President Barack Obama speaks about the the budget and the partial government shutdown, Tuesday, Oct. 8, 2013.
Pablo Martinez Monsivais/AP

Obama poised to meet with (some) House Republicans

Updated

President Obama extended an invitation to the very House Republicans responsible for the government shutdown and looming debt-ceiling crisis. How many GOP House members is the president prepared to visit with? All of them.

House Speaker John Boehner (R-Ohio) accepted the invitation, but took it upon himself to narrow the guest list.

House Republican leaders and a team of negotiators will meet with President Barack Obama at the White House Thursday, sparking disappointment from the president that his invitation to the entire GOP conference had been spurned.

“President Obama is disappointed that Speaker Boehner is preventing his members from coming to the White House,” Press Secretary Jay Carney said in a statement. “The President thought it was important to talk directly with the members who forced this economic crisis on the country about how the shutdown and a failure to pay the country’s bills could devastate the economy.”

He made it clear that Obama would still welcome the GOP delegation.

Boehner will instead dispatch 18 House Republicans – whom the Speaker has designated “negotiators,” despite the fact that the meeting is not a negotiation – chosen to represent the caucus.

And why couldn’t the entire caucus join Obama at the White House, as per the president’s request? According to Boehner’s spokesperson, “a meeting is only worthwhile if it is focused on finding a solution,” and that’s why “the House Republican Conference will instead be represented by a smaller group of negotiators.”

There are a few problems with this.

First, when the president of the United States requests a meeting with members of Congress, congressional leaders really shouldn’t say no – ever.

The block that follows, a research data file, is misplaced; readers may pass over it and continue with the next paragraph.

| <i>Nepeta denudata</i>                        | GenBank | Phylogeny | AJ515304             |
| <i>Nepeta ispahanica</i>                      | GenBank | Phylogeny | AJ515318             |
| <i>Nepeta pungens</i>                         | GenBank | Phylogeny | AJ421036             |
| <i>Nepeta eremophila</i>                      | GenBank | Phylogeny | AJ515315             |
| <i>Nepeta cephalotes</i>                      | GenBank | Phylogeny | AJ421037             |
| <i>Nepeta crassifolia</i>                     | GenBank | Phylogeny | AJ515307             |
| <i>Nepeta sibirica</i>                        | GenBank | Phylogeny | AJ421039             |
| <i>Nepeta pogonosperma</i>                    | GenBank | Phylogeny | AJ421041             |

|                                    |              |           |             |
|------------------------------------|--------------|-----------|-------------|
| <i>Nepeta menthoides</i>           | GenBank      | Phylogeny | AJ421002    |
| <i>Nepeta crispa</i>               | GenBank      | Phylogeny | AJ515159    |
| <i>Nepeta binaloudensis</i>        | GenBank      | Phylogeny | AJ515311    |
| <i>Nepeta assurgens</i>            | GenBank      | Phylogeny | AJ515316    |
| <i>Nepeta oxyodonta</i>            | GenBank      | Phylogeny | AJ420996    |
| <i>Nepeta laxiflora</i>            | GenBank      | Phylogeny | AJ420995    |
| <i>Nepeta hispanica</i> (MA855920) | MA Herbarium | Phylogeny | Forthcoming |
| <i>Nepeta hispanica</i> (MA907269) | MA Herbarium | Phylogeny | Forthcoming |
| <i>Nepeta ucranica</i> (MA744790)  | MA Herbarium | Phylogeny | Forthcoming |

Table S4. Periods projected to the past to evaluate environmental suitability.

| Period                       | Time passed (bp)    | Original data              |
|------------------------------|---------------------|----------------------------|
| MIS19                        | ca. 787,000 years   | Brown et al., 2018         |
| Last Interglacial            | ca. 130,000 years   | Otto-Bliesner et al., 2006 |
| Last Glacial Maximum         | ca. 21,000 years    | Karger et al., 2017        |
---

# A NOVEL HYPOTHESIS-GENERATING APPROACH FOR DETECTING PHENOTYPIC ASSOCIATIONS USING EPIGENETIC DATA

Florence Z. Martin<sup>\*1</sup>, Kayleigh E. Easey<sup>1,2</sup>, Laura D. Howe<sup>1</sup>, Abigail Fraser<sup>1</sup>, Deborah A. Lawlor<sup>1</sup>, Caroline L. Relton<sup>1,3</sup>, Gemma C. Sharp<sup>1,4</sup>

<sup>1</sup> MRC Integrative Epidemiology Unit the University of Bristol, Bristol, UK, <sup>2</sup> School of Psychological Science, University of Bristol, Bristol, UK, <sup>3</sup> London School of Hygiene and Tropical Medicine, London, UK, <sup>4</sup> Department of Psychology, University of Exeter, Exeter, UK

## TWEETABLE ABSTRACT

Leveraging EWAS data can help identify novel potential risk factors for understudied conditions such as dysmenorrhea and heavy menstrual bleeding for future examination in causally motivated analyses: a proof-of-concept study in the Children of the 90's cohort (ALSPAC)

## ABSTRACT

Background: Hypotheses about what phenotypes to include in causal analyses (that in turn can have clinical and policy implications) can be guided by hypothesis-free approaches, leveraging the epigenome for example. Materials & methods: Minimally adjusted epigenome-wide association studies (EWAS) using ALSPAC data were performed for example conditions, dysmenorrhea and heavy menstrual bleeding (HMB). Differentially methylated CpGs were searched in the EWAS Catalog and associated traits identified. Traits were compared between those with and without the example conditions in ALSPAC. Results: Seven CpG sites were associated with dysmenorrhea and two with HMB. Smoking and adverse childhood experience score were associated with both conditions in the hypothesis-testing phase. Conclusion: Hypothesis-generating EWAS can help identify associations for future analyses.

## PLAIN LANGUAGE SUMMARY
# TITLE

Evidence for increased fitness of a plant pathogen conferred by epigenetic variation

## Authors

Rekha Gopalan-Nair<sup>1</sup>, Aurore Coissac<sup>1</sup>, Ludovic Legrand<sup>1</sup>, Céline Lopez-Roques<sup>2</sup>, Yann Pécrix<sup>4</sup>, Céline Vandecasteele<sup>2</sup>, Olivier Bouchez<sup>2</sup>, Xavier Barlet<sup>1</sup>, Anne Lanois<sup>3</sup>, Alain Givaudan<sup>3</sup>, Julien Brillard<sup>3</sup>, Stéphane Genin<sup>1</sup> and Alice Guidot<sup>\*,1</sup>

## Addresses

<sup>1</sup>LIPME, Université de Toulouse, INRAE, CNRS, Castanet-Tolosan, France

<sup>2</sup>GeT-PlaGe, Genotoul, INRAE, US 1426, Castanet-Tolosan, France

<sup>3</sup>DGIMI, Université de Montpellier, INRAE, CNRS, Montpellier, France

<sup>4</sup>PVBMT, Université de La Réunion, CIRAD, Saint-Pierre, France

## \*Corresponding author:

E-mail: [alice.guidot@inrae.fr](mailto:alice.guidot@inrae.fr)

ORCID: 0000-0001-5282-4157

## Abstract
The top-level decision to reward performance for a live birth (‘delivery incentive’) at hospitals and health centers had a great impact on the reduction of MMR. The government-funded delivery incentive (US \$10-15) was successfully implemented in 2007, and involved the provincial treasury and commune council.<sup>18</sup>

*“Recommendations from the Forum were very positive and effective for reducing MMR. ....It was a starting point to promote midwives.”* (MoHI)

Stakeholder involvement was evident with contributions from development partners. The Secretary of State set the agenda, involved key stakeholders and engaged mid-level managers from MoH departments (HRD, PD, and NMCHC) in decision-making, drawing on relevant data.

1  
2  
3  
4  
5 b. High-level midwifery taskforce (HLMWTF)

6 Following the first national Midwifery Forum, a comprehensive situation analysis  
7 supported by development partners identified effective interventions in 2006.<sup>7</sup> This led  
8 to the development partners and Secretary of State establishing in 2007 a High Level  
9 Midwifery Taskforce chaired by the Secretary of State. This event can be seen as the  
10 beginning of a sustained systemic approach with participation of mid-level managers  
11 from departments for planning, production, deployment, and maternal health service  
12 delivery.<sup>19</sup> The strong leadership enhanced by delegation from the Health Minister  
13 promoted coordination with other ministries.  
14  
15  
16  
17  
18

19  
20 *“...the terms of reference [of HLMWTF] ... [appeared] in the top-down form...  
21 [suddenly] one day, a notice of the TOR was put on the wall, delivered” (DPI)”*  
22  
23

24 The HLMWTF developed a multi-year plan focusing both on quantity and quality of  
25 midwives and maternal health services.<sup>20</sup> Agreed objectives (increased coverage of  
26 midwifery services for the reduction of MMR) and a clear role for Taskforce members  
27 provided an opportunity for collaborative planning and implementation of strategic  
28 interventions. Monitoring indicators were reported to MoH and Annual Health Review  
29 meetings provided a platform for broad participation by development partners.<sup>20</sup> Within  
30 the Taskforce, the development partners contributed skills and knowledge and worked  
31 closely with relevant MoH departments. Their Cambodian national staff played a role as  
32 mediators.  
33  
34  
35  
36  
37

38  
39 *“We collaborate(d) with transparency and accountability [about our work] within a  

Second, Boehner’s office can continue to pretend negotiations are set to begin – negotiations in which Democrats will present concessions, offered in exchange for nothing, in the hopes that Republicans will finally consider completing basic governmental tasks – but they’re not.

And third, if today’s meeting should be “focused on finding a solution,” why would Obama spend time with a feckless House Speaker and his hand-picked allies? One of the key lessons of 2013 is that Boehner is Speaker In Name Only and has very little control and/or influence over what actually happens in the chamber he ostensibly runs.

Assuming that Boehner is in control is one of the main reasons the government shut down in the first place – Democratic leaders set aside their own policy goals because the Speaker agreed to move on a “clean” spending bill that would keep the government’s lights on. The trouble started when House Republican members told the House Republican leadership that the agreement wasn’t good enough.

It’s the underlying problem in having such a weak Speaker: the White House doesn’t really have a Republican leader to talk to. It’s presumably why the president asked to speak with all of the House Republicans, since Boehner clearly isn’t in a position to deliver.

But like it or not, Obama will have to settle for 18 House Republicans. The meeting is scheduled to begin at 4:30 eastern and I’ll let you know what happens.

Obama poised to meet with (some) House Republicans

Updated